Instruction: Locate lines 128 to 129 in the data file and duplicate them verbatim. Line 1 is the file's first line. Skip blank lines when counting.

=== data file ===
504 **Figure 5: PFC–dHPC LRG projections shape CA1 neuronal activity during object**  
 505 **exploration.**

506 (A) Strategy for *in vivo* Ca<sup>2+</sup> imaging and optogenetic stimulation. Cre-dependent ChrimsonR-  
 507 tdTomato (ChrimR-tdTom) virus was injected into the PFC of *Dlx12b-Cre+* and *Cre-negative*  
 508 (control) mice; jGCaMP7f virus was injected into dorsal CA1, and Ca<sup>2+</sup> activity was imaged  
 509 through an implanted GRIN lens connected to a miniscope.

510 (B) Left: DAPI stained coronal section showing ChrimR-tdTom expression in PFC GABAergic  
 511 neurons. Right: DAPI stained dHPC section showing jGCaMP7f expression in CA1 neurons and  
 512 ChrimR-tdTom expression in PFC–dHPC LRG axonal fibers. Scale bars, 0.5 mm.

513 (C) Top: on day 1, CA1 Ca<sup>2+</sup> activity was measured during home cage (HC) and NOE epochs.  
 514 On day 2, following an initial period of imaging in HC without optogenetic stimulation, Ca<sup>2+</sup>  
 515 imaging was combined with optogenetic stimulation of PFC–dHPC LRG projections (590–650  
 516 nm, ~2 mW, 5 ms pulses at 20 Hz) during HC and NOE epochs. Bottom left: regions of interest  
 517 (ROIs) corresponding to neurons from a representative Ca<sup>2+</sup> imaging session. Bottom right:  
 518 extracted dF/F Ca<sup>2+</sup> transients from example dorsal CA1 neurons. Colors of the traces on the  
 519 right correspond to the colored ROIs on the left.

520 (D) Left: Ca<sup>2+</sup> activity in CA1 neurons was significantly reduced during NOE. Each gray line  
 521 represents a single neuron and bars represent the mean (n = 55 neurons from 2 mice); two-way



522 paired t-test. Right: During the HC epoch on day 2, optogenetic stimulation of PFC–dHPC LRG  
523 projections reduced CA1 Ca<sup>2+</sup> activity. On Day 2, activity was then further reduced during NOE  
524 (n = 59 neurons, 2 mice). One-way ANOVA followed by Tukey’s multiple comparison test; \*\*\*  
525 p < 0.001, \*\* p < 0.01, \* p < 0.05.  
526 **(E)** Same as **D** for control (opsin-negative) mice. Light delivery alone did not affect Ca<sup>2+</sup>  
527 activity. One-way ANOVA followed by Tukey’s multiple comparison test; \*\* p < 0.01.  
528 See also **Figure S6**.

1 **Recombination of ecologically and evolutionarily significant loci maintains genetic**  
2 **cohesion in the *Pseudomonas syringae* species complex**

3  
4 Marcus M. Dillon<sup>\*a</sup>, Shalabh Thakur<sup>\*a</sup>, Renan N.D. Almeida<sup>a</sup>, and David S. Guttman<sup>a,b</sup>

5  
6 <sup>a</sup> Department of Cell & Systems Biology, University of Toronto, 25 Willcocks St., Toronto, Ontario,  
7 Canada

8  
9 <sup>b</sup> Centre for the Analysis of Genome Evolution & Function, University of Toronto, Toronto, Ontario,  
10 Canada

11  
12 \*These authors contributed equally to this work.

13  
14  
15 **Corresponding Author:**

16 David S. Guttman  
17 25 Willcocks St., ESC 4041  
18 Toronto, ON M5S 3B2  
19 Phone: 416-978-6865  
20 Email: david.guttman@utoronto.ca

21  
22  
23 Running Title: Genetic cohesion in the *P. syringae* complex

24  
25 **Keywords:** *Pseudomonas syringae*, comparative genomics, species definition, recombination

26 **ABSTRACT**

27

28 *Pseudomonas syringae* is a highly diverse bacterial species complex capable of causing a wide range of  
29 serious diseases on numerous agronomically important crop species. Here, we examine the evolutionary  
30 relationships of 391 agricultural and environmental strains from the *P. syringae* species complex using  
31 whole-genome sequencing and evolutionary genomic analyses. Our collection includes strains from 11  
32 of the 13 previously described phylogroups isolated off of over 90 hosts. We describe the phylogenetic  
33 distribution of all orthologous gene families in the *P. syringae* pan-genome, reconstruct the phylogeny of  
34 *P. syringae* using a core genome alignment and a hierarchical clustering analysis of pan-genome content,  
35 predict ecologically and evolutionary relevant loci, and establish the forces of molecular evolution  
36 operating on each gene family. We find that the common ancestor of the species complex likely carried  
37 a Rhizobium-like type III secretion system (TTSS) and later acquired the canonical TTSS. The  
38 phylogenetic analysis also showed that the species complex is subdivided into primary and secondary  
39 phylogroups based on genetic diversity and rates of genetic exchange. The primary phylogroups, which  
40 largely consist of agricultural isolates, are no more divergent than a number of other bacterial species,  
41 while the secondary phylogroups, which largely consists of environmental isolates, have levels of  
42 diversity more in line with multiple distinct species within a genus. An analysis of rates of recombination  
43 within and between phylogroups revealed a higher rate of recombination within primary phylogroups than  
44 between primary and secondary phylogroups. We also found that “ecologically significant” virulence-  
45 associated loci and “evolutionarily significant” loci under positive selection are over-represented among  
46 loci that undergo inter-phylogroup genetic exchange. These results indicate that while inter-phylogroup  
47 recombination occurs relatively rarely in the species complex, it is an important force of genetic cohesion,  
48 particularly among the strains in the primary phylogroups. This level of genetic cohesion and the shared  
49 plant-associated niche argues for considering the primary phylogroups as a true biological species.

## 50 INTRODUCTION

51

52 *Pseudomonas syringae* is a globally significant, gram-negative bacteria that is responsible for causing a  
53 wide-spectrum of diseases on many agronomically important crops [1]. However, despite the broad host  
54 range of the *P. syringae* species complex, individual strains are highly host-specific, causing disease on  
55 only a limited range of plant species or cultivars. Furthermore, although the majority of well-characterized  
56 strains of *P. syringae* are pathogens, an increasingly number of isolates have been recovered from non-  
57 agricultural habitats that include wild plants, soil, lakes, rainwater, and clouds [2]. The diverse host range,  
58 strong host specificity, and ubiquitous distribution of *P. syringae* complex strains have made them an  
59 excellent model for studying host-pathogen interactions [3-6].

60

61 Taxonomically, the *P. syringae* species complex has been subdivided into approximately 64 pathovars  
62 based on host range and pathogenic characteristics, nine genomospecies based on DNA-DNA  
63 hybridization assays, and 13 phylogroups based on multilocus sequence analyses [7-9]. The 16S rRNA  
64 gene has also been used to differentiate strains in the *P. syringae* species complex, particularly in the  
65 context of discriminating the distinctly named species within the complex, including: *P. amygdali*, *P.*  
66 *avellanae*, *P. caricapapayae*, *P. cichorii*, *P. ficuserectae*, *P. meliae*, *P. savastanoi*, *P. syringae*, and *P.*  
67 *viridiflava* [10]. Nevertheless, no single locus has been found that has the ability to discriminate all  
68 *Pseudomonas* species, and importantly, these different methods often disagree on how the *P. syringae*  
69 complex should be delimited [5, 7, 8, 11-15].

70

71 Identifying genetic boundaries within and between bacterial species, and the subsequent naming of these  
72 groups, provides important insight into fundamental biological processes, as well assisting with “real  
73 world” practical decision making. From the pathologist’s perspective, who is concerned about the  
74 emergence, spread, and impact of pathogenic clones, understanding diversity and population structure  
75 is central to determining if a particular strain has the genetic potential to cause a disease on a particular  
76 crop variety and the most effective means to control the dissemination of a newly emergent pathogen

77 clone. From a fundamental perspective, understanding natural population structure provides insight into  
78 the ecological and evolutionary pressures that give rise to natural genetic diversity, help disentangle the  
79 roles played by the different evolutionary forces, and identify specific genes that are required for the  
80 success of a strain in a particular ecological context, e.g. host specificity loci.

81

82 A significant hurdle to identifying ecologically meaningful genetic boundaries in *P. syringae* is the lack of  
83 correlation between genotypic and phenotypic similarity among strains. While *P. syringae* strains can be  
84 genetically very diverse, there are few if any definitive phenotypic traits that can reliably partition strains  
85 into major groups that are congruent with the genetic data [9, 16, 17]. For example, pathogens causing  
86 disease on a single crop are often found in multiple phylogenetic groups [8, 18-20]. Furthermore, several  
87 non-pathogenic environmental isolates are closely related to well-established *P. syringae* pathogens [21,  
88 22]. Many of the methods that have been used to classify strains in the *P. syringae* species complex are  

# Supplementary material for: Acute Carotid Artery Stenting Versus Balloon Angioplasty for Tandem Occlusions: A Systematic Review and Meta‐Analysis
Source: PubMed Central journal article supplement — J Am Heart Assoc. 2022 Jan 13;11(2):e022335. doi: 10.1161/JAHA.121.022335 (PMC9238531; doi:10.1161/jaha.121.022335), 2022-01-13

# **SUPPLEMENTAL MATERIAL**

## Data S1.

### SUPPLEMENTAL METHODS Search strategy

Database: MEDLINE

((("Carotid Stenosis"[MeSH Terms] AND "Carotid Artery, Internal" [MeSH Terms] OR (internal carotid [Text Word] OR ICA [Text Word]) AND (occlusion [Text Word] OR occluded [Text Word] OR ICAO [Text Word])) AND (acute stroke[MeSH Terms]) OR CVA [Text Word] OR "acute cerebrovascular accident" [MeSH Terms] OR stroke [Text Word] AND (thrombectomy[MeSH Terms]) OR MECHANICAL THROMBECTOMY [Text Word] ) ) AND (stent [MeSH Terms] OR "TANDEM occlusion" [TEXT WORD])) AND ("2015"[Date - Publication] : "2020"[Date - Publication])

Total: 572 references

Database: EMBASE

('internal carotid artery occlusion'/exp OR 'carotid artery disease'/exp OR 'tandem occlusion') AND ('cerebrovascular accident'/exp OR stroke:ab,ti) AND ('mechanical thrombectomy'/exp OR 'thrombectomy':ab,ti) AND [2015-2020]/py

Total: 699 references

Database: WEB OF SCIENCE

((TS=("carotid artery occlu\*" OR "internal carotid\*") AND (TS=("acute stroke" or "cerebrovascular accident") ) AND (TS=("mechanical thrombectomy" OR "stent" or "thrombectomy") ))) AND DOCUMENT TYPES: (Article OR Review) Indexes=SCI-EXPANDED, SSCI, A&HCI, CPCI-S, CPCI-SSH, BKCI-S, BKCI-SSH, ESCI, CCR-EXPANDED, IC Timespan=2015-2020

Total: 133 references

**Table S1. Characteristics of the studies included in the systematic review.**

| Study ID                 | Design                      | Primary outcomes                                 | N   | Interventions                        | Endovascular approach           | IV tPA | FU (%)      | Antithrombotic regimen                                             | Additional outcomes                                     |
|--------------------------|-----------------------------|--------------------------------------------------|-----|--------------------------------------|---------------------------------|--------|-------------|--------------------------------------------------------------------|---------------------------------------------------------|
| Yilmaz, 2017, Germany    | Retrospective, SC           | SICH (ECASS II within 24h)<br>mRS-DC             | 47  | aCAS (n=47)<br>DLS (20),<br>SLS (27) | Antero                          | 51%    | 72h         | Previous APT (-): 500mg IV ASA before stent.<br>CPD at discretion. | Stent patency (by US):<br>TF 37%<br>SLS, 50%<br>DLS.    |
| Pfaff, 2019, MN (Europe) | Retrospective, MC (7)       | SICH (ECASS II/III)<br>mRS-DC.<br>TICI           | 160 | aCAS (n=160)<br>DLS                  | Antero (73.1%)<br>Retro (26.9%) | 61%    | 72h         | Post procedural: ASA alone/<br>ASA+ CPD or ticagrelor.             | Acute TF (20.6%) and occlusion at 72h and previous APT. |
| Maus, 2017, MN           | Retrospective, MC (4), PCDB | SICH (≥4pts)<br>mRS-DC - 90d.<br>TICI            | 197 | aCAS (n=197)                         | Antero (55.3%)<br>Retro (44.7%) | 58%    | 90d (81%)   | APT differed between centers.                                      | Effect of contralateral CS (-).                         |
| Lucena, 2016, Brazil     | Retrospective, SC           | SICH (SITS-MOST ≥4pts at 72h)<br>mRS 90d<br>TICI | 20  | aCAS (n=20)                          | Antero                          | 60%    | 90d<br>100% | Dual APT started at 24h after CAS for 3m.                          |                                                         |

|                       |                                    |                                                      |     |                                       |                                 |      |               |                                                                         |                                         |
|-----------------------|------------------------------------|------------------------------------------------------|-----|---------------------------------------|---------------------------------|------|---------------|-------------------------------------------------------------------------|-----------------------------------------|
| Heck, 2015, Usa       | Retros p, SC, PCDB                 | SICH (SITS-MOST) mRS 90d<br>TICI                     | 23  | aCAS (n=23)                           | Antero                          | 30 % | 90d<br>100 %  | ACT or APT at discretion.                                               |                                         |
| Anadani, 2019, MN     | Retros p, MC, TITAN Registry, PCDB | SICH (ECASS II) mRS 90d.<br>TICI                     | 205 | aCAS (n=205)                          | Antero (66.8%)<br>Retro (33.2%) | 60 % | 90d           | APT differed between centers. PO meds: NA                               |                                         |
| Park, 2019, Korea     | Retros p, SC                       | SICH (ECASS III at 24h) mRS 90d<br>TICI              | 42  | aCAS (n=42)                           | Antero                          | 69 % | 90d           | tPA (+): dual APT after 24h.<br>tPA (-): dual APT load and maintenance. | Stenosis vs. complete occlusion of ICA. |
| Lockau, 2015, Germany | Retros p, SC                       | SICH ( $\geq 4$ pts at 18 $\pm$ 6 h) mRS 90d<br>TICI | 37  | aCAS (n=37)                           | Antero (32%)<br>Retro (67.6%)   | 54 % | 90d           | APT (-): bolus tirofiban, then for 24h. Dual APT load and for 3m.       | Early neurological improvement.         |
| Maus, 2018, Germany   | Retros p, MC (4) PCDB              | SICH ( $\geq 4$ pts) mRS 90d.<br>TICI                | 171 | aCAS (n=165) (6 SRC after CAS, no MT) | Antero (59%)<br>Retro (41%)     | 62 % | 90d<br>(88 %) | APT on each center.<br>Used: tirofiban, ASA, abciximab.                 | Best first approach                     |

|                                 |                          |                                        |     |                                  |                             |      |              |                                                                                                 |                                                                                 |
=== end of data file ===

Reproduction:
**Table S1. Characteristics of the studies included in the systematic review.**

| Study ID                 | Design                      | Primary outcomes                                 | N   | Interventions                        | Endovascular approach           | IV tPA | FU (%)      | Antithrombotic regimen                                             | Additional outcomes                                     |